Decided September 8, 1927.
George A. Cowan, for plaintiff.
Weston M. Hilton, for defendant.
Action of replevin to recover certain household furniture "belonging to Frank D. Ames, Administrator of the estate of Charles E. Ames, deceased."
Except for the language above quoted, neither in the writ, declaration or bond is any allusion made to the decedent, or to the plaintiff's office as Administrator. A non suit was ordered. The plaintiff excepts. The appointment and qualification of the plaintiff as Administrator were admitted. Demand and refusal before suit brought were proved.
It was shown, prima facie at least, that the furniture was owned by the decedent at the time of his death and also that the plaintiff had not had possession of it before the taking on the replevin writ.
The plaintiff's counsel produces authorities tending to show that by some courts language similar to that hereinabove quoted has been held sufficient to show that the action was brought by the plaintiff as Administrator, and to permit the maintenance of a suit in that capacity.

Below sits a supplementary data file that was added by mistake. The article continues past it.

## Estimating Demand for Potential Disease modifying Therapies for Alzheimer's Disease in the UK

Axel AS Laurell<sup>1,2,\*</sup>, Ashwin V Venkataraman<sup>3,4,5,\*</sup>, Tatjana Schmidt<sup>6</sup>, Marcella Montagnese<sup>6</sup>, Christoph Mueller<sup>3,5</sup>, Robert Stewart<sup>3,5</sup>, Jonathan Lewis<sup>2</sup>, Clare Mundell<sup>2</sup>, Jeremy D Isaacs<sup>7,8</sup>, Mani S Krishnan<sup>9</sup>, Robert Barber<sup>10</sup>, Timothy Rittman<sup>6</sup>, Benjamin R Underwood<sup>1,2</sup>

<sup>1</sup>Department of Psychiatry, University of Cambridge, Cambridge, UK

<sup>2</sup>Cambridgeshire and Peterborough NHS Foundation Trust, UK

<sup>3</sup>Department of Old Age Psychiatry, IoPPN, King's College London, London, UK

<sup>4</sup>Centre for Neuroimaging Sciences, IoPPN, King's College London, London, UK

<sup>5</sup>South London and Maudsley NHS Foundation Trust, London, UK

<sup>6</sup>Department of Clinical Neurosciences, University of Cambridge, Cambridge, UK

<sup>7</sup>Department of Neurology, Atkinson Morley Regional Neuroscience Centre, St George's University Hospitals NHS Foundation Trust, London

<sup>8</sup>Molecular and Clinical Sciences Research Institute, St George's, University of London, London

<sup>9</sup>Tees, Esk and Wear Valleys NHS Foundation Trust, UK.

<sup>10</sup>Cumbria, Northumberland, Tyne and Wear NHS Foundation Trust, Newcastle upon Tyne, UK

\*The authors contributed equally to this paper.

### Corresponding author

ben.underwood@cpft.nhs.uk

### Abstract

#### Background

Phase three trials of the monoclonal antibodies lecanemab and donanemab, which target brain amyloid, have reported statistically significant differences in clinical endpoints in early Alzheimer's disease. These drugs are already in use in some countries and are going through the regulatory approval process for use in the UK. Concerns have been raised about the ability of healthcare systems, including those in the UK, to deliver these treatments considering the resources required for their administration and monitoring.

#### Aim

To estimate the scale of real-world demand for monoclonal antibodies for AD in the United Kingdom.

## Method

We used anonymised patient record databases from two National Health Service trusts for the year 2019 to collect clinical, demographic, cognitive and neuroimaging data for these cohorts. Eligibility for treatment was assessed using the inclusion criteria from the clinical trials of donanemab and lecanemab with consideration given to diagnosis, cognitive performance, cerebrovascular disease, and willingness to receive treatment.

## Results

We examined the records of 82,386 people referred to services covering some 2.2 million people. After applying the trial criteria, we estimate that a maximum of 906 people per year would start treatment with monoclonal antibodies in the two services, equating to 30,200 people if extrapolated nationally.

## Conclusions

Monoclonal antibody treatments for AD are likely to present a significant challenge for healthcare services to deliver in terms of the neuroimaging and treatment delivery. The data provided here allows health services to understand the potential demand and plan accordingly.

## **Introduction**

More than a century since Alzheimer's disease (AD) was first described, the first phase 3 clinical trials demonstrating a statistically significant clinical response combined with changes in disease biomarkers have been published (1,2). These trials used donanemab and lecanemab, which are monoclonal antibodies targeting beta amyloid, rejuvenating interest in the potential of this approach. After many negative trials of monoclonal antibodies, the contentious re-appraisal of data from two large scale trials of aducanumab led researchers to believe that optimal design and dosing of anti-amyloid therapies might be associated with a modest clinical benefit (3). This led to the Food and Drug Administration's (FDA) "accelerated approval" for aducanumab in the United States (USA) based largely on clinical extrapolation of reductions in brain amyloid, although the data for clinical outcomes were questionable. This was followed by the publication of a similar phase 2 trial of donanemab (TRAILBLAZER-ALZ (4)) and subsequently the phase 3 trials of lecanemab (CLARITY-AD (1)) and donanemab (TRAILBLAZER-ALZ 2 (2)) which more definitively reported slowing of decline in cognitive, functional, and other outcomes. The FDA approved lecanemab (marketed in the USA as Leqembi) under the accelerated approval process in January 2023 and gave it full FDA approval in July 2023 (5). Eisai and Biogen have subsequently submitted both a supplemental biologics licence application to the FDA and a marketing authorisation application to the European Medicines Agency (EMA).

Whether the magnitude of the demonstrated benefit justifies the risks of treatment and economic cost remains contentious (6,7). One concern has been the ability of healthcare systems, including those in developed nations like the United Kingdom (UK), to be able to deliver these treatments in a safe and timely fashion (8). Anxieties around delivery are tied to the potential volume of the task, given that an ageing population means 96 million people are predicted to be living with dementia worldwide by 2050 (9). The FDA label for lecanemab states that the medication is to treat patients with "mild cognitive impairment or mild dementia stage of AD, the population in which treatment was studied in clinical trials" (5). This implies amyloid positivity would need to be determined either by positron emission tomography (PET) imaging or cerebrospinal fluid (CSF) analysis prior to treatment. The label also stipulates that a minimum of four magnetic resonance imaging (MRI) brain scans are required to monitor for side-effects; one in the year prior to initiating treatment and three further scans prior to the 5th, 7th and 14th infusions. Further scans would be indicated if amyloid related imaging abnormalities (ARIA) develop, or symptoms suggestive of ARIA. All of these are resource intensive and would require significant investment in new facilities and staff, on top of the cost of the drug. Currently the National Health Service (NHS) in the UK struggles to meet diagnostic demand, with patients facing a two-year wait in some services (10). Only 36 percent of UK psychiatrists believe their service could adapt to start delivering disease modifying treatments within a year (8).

But the law is established otherwise in Maine. In Bragdon vs. Harmon, 69 Me. 30 it is said that "the words which in this suit described the plaintiff as an Executor were as unimportant as if they had described him as a farmer or a mechanic or a justice of the peace." The words of the declaration quoted in the first paragraph hereof were mere descriptio personae. Bank vs. Lane, 80 Me. 168.
The suit was brought by Frank D. Ames individually. The evidence showed that the replevied goods were the property of Charles E. Ames, deceased. On this ground a non suit was properly ordered.
The plaintiff argues that this is a narrow and technical rule. However this may be, it is logical and we perceive no sufficient reason for reversing the earlier decisions. Exceptions overruled.